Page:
Con Houlihan: Casualties of war in politics
Doing the right thing in the dail does not guarantee your tenure, but to ensure the health of democracy, we all need to use our vote . . .
Being head of Fine Gael is about as secure as being the manager of Chelsea Football Club: you can do all the right things, but that doesn't guarantee your tenure. The Grand Old Party has a genius for ripping itself apart. Peter Barry did nothing wrong; in fact, he did everything right, but he was ousted for no apparent reason. Alan Dukes was another spectacular casualty. His honesty brought him down.
In a speech in Tallaght one night, he advocated that the role of an opposition isn't to oppose but to co-operate with what it deems good and to oppose what it deems wrong-headed. This apostasy cost him dearly. And the party seemed to have found an excellent leader in Michael Noonan, but he came at the wrong time.
Fine Gael suffered badly in the general election in 2002. It was a disaster for the party and for Michael. It was left to Enda Kenny to rescue a ship that seemed holed below the waterline. He travelled all over the country to revive cumainn that seemed moribund and to refurbish cumainn that had lost their way. The fruit of his work was evident in the next election. Fine Gael got back to its old number of seats.
You would think Enda was in a good position, but he wasn't. Richard Bruton wasn't unduly loyal to him -- in fact, the opposite. And it was clear he was waiting for an opportunity to take over. It was like a rugby game in which Enda had brought the ball from his own line to within a few yards of the opposing line and there was Richard shouting for the score pass.
Two things happened in the recent opinion polls: Fine Gael showed a great increase, but Enda's personal poll declined. Richard called for a motion of no confidence. It was defeated and for the moment the leadership seemed concluded.
And yet it is far from that. There are many young people in the party who are convinced that they would make good prime ministers. And, of course, Richard is lurking in the long grass. If Enda's personal poll declines further, he may face another vote of no confidence. He is fighting on several fronts:
The woods are lovely dark and deep
But Enda has promises to keep
And miles to go before he sleeps
And miles to go before he sleeps.
Fine Gael has always boasted of being the pure, incorruptible party in Irish politics and has always put out its clean linen to dry in public. Three of its prime ministers retired with dignity -- John A Costello, Liam Cosgrave and Garrett FitzGerald. Fianna Fail have not been so fortunate: three of their prime ministers have left office, but not of their own volition -- Charlie Haughey, Albert Reynolds and Bertie Ahern. It is most unlikely that Brian Cowen will survive until the next election. That party, too, has a number of very ambitious young men and women.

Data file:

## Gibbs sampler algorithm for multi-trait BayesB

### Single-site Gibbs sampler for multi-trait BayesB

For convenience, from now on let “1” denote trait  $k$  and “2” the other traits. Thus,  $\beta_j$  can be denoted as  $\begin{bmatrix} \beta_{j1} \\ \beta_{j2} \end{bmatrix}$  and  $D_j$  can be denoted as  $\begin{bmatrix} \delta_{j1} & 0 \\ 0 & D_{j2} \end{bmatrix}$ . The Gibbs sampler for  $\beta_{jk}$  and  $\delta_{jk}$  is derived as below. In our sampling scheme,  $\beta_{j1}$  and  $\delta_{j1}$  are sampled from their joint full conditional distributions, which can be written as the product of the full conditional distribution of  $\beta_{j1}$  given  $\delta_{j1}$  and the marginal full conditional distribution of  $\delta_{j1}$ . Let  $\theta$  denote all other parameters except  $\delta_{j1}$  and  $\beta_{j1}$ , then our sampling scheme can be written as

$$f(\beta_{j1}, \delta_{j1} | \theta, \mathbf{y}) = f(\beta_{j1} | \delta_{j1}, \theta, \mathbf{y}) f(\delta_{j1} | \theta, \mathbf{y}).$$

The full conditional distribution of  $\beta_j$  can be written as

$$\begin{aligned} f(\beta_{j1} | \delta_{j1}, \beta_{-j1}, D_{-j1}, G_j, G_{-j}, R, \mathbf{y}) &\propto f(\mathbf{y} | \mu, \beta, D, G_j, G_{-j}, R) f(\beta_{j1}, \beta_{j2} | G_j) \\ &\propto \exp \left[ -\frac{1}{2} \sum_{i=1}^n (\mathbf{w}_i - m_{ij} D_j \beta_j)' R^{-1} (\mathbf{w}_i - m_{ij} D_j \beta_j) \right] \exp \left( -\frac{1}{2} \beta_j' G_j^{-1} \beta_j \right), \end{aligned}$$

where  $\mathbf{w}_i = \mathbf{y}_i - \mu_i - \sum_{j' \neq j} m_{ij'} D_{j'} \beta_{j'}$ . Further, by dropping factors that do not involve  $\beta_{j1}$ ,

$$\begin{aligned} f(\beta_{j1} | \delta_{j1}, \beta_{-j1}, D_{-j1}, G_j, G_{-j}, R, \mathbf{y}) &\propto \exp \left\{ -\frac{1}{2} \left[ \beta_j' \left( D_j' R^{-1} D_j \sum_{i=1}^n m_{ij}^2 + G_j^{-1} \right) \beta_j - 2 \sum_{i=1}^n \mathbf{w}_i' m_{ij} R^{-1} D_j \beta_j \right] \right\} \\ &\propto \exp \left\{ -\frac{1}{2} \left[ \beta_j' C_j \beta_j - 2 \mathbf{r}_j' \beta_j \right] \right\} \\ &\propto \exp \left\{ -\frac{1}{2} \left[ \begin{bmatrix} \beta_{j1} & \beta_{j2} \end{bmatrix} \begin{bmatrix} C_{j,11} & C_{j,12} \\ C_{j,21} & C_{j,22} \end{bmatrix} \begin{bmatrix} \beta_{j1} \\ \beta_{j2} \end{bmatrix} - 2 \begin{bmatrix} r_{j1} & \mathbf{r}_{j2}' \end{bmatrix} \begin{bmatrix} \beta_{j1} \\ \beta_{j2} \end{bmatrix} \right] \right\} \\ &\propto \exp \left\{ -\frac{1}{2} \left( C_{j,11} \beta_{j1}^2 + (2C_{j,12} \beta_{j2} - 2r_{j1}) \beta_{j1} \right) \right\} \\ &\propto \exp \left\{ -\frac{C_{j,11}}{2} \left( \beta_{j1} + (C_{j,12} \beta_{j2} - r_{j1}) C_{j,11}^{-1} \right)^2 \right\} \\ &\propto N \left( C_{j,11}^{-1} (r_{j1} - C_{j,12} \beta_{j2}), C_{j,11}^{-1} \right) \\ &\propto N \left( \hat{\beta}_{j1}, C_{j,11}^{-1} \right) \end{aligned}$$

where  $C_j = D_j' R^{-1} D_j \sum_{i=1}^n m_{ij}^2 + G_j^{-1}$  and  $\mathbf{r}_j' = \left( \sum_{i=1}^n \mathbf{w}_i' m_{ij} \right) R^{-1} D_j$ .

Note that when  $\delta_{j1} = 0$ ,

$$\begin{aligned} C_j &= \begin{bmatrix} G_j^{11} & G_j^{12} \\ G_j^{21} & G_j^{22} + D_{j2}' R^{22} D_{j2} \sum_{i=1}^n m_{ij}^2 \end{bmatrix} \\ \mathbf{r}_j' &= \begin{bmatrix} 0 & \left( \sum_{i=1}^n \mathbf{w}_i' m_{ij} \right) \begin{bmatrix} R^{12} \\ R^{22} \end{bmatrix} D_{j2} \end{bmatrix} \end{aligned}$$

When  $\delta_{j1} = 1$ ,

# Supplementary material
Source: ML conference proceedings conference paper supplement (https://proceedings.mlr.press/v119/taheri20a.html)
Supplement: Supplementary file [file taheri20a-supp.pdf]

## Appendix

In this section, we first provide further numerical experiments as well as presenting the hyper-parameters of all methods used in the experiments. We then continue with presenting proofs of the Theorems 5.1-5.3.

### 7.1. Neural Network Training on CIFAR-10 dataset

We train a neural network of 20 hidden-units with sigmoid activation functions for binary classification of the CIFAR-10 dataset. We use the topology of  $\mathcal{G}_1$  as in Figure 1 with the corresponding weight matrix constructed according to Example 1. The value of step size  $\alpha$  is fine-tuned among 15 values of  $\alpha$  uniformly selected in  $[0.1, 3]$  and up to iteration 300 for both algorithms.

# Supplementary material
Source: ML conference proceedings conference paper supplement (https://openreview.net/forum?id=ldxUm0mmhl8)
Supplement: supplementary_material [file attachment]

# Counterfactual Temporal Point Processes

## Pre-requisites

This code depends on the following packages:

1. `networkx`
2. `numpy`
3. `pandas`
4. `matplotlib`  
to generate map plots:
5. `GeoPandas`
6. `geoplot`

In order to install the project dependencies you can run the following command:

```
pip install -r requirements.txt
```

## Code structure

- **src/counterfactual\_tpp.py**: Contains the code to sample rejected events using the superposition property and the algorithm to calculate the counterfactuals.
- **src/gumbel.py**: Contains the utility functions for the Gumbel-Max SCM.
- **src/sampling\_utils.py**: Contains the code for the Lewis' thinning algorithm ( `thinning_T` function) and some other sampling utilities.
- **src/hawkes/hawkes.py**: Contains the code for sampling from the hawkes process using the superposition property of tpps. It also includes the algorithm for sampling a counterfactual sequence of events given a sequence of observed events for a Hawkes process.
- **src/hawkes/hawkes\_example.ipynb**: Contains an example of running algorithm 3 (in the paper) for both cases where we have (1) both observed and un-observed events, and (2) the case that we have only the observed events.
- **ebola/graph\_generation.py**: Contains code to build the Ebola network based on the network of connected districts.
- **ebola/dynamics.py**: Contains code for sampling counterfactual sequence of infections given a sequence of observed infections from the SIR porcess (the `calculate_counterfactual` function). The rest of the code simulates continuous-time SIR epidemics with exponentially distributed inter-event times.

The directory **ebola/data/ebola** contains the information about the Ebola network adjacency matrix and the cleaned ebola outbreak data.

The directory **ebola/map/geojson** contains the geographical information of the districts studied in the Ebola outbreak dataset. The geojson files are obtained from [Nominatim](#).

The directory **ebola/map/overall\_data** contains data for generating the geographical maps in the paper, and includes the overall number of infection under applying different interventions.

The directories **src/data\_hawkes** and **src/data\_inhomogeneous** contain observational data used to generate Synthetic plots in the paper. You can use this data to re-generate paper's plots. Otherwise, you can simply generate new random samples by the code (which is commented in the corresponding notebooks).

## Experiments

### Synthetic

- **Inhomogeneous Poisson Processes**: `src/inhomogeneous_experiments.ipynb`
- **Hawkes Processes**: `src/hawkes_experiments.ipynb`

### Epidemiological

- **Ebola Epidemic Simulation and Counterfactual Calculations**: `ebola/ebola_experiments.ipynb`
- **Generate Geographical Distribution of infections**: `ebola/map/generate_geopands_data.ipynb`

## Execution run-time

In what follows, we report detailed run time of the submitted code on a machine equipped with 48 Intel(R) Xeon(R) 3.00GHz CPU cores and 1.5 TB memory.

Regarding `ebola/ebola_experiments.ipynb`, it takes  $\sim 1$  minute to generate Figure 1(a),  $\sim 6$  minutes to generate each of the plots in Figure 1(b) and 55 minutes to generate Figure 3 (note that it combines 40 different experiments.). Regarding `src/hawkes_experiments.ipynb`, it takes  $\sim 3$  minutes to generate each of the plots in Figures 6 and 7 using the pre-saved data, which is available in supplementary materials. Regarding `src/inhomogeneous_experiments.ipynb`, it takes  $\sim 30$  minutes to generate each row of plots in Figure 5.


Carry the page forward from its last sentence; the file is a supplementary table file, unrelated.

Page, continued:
When Brian recently reshuffled his Cabinet, he seemed to do so, not in the national interests, but in the interests of Fianna Fail. He brought Mary Coughlan nearer to him, because he feared her least. He put Mary Hanafin farthest away, because he feared her most. She may yet be our first female prime minister.
There is one curious aspect of the recent battle between Enda and Richard: an innocent bystander might think that the winner will be the next PM. It's hardly that way. The Labour Party is now in the ascendant and it will surely have a say in deciding who will be the next prime minister. It could be Joan Burton, bless her heart.
Few things are more powerful than fashion and we have seen Australia get its first female prime minister in the person of Julia Gillard. She has answered a very old question, which I have often mentioned here: should the Australians be content with their country as they have it or should they open up the vast outback to the mining industry? Julia's family moved from Wales in about 1945 and it is hardly a surprise that she has decided to open up the country. It will create a new and more powerful Australia.
Incidentally, it is one of the few countries in the world that hasn't suffered from the international recession. About a million people emigrated from Britain to the land of the Southern Cross at the end of the Second World War and it is likely that the mining exploration will see another wave. It should benefit our country.
Meanwhile, back at home, it is almost certain that we will see a new coalition after the next general election. The Green Party will find itself in a dilemma. Will it stay with Fianna Fail or will it join its natural comrades in the Labour Party? Its number of deputies is so small that if it makes what people deem to be the wrong decision, it could be wiped out.
It is amazing that it is doing so badly in the opinion polls. It probably lost ground when it voted for the part-abolition of the medical card. Then it faced two choices: it could resign and cause a general election, in which it might lose most of its seats or it could stay in government and lose its appearance of being a socialist party.
One factor is very important before the next general election: every citizen should be obliged to vote, as in Australia, and be obliged to carry a clearly verifiable ID card. The Register should be brought up to date, as far as possible. If we are to have democracy, let it be well founded.
It is all too easy to steal votes, especially owing to the vast housing estates where people hardly know their neighbours. To go to the polls and to find your vote stolen is a horrible experience. It should be made impossible. A driving licence isn't enough.
Democracy is so sacred a concept that it should be guarded rigorously.
Fogra: Best wishes to Richard O'Riordan -- he succeeded Sean Ward as editor of The Evening Press and would have made a very good one if the paper had not closed soon afterwards